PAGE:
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Twenty minutes into his State of the Union address last week, President Obama entered the realm of uber-geekery — three-dimensional printing. The magical devices capable of printing prosthetics, violins and even aircraft parts have the potential, the president said, “to revolutionize the way we make almost everything.”
Forty miles away from the Capitol, in Glen Burnie, Md., Travis Lerol is proving Obama’s point — with guns.
In a spare bedroom, where an AR-15 rifle leans against the wall, Lerol is using a 3-D printer no larger than an espresso machine to make plastic rifle parts and ammunition magazines in between tea sets and chess pieces. The parts print, layer over layer, creating objects like an ink-jet printer etches words.
The 30-year-old software engineer said he has no plans to print anything outlawed by the government. But like many other gun owners, he is nervous that the push for gun control in the wake of the Sandy Hook Elementary School massacre will infringe on his Second Amendment rights.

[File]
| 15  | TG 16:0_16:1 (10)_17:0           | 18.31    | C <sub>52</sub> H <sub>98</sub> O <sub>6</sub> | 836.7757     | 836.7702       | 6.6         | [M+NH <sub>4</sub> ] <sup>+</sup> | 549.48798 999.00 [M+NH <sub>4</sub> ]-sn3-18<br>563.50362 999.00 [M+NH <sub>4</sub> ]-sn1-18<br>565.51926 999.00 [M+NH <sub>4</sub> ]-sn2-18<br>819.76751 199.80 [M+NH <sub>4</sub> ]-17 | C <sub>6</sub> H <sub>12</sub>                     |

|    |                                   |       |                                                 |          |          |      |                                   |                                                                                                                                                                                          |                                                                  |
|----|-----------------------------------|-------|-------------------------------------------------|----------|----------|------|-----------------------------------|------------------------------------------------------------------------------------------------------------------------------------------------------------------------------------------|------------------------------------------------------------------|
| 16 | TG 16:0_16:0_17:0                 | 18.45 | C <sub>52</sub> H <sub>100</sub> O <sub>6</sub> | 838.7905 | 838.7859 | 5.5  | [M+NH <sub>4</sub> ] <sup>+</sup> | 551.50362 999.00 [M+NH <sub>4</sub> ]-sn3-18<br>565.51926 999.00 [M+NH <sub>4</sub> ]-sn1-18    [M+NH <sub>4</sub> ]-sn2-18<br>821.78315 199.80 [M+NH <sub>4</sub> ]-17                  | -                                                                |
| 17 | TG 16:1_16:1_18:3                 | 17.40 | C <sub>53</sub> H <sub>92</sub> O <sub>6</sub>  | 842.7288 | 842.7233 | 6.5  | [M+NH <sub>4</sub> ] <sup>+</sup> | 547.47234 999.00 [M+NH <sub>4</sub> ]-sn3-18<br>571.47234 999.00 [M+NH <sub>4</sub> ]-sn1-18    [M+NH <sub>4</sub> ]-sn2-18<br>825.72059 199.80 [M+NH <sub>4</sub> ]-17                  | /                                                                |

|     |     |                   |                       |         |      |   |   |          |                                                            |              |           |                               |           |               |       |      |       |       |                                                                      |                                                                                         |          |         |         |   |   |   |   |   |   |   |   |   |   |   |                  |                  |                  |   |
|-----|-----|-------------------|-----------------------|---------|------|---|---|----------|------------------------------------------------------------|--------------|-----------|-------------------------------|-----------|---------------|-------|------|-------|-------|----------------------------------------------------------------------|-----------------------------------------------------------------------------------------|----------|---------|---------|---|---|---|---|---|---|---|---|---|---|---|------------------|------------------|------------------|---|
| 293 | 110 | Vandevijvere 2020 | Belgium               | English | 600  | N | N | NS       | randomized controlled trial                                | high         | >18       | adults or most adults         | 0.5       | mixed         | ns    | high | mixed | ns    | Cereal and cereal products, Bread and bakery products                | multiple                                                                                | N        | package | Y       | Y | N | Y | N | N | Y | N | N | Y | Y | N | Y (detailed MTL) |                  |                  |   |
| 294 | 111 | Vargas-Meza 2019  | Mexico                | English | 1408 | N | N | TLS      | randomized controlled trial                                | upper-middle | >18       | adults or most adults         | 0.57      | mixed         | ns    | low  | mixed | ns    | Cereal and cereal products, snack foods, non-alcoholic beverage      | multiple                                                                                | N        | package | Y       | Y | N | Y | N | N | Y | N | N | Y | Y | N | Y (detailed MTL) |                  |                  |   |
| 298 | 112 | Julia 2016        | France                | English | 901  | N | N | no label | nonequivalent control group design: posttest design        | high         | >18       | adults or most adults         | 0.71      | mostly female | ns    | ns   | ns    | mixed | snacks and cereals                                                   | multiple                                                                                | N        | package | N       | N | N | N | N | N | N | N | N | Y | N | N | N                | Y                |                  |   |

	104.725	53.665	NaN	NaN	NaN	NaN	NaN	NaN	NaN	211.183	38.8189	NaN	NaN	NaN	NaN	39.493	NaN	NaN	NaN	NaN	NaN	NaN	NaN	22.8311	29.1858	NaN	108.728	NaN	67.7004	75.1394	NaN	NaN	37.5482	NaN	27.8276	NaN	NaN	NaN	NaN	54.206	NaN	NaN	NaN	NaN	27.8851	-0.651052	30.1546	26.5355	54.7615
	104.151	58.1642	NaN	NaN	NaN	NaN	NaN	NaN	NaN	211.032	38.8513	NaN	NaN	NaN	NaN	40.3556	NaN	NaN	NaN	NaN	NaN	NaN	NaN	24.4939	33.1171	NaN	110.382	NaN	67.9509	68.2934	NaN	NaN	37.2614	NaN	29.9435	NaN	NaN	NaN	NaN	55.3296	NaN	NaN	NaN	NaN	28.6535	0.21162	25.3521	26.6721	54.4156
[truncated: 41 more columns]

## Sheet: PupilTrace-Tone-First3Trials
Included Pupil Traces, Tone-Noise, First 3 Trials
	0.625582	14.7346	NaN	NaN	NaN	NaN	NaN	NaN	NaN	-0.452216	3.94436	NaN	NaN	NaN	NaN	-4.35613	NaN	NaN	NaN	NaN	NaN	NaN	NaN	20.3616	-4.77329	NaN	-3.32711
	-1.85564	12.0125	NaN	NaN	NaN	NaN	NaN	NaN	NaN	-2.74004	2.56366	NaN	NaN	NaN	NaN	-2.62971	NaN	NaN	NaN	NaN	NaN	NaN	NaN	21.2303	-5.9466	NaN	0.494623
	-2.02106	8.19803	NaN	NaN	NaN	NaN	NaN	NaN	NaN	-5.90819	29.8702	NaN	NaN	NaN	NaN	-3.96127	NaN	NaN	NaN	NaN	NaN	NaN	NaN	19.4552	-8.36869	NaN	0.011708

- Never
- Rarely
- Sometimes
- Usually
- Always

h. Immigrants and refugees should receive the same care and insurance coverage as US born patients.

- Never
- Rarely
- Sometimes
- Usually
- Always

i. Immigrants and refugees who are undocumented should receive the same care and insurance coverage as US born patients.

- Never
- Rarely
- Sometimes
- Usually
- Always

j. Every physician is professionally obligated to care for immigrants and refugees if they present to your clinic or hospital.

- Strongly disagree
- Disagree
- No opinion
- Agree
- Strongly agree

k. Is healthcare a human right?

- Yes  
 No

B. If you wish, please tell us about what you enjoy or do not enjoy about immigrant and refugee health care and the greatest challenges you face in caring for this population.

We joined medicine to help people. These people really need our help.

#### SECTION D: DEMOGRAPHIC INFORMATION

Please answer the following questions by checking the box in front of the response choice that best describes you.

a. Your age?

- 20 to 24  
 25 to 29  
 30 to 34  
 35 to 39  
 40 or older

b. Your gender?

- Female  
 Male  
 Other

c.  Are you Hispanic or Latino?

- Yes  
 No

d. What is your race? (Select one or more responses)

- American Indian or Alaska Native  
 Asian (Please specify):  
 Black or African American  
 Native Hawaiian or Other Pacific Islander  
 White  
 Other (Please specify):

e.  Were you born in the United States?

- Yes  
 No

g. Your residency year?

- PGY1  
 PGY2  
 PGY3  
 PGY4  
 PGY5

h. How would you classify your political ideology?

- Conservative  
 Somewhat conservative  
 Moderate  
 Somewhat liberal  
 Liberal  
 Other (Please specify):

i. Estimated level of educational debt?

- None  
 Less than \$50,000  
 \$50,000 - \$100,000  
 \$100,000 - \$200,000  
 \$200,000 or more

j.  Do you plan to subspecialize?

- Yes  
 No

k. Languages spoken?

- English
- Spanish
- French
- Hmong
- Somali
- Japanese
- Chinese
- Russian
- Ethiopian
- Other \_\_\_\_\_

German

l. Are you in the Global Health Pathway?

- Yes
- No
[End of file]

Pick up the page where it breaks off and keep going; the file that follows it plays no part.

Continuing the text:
Three-dimensional printers offer a potentially easy way around restrictions and registrations — a source of growing consternation among gun-control advocates and some allies in Congress.
“There’s really no one controlling what you do in your own home,” Lerol said.
Hey Barry & Co, you planning on regulating CNC, lathes, mills, pressdrills, dremels, handtools, files etc and raw material stock and scrap?
Yeah that's worked out real well for tyrants & invaders in the past...
Good luck with that !!!
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